Most of the City of London’s mega law firms have offices spanning the globe, but Macfarlanes gets by with just one. And without all those costly overheads, it reaps a profit that is significantly higher than most. Profit per equity partner (PEP) from a revenue of £216.98 million stands at not far off two million, with this year’s £1.73 million fractionally down on last year’s record high of £1.74 million — a figure that was a whopping 26% up on the previous year. The newly qualified solicitor salaries are pitched close to MoneyLaw levels, with a base rate of £85,000 rising to £98,600-£110,250 with bonuses.
Magic circle-levels of profitability are matched by the training, for which Macfarlanes’ scores are consistently among the highest recorded in the Legal Cheek Trainee and Junior Lawyer Survey. First-rate instruction is combined with plentiful seminars from internal and external speakers to deliver a grounding in corporate law matched by few firms. One trainee describes it like this: “As well as having a lot of official training each time you join a department, the amount of individual attention that each trainee gets is really impressive, especially for a pretty big firm.”
Another says: “Felt like I’d joined the Marines from day one. At times very gruelling, but it’s really excellent.”
Some of the work — which is largely high end M&A — can be slightly terrifying. One Macfarlanes rookie recalls their feeling upon being handed a particularly complex task: “Are they seriously trusting me with this? REALLY? OK. Cool. Pssh I got this. TF for insurance.” Indeed, so good is the work that one trainee quips: “If anything I want more photocopying!”
Expect to work hard: There are apparently “fairly frequent 2-4am finishes when the deals a flowin”, but equally some seats “allow a normal life”. For M&A, the firm’s speciality: “Be prepared to give up EVERYTHING … No wonder PEP is so high…”. Other insiders reckon that it’s all about being able to “manage your work well and say no when you are at capacity”. An average leave the office time of just before 8pm is not bad for high-end corporate law. And apparently Macfarlanes is one of the better firms about flexible work. An insider tells us that “NQs and upwards can work one day a fortnight from home, but even at trainee level people are largely happy for you to work from home in the evenings”.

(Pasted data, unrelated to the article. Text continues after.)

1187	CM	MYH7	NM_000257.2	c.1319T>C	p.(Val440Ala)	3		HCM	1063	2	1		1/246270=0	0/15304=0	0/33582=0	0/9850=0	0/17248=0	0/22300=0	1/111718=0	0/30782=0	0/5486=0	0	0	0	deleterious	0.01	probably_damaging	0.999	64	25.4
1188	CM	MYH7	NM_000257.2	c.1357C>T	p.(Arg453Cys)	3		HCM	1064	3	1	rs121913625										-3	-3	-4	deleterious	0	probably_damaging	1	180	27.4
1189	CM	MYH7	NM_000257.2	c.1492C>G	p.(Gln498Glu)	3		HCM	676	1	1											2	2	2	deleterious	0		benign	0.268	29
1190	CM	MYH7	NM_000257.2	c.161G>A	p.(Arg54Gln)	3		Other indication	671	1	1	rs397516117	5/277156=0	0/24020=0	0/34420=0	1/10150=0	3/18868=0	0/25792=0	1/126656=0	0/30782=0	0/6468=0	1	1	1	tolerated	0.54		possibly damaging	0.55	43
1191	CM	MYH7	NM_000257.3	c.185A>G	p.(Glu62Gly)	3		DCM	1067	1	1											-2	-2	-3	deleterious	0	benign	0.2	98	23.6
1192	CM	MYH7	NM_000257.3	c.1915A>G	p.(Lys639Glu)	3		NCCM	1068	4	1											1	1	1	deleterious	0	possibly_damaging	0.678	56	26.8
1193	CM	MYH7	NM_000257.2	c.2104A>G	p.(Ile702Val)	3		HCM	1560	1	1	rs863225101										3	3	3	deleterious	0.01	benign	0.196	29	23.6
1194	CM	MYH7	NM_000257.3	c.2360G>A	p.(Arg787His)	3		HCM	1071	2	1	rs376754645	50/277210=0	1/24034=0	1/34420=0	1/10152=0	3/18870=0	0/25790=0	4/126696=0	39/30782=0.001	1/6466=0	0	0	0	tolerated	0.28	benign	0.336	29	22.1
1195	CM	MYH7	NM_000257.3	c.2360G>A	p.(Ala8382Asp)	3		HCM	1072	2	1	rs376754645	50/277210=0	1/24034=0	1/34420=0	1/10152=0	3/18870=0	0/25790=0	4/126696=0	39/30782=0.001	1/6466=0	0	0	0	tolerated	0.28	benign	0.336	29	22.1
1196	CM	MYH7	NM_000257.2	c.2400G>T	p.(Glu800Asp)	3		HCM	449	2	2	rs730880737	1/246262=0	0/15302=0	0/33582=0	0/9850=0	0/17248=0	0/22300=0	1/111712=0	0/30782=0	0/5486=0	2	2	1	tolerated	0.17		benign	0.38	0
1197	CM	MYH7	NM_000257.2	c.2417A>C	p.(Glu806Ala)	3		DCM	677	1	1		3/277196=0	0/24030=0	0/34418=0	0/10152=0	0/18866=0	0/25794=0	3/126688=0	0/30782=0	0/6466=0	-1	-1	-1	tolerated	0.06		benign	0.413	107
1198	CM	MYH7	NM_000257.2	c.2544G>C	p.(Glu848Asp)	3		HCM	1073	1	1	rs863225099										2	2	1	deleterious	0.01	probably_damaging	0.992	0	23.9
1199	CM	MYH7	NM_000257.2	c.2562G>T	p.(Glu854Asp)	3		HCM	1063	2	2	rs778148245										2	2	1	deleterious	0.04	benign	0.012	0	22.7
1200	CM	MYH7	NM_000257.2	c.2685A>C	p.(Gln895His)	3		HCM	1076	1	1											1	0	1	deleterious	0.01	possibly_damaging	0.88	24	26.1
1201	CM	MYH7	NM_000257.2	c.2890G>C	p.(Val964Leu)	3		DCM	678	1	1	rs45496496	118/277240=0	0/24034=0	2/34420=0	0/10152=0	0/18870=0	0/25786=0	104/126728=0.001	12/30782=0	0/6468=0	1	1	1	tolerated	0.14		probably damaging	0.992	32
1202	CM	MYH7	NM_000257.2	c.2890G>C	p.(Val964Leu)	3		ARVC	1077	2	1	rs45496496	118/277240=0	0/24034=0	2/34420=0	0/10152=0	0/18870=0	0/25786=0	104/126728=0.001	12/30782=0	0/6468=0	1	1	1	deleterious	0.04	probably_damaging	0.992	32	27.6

A “really strong sense of community and friendship amongst trainees” helps soothe the grind, as do the “approachable, but very busy and hard to tie down” partners who are apparently “scarier the older they get” (although there are also apparently a few rather unloved senior associates who are prepared to “throw trainees under the bus while driving said bus”).
What you are unlikely to get if you do a training contract at Macfarlanes is an international or client secondment, with the firm typically waiting until associate level before it sends lawyers abroad to a host of independent law firms with which it has close ties and/or client organisations. The firm’s thinking is that six months away from the heart of the action at too early a stage undermines its training scheme. However, there are occasional opportunities to travel on particular pieces of business. “I went to the glamorous islands of Jersey, Guernsey and the Isle of Man for two days each,” one tells us. Another went on an overnight trip to Brussels.
The perks are decent; the private health insurance is appreciated, as are the free taxis after 10pm. Meanwhile, recently everyone was given swish new Surface Pros, which has apparently helped with the aforementioned remote working. Overall though the feeling within the firm is that it could be doing a bit better with its IT — while an ongoing upgrade is appreciated and has delivered some “strong progress”, this remains “an area for improvement”.
An office move that has seen Macfarlanes relocate most lawyers to 98 Fetter Lane (but kept its client facing operations round the corner at 20 Cursitor Street) has boosted the firm’s rating for workspace in the Legal Cheek Survey. The new gaff has its very own branch of the hipster coffee chain ‘The Department of Coffee & Social Affairs’, alongside some “glorious” rooms on the higher floors. But the overwhelming reception from trainees and junior lawyers has been slightly muted. “It’s comfortable, but certainly not swanky like some other firms,” one tells us.
The new canteen elicits similarly mixed reviews — ranging from “Much improved since we moved into the new building. Some of the platters wouldn’t look out of place in a restaurant” to “It feels like quality is compromised by the desire to appear trendy”. You can’t please everyone!
Friday drinks at the local pubs remain a weekly feature of trainee life, while all the departments have hotly-anticipated summer and Christmas parties. “Let’s face it, your social life outside the firm is unlikely to be buzzing so you need to make the best of what you’ve got,” reflects a trainee.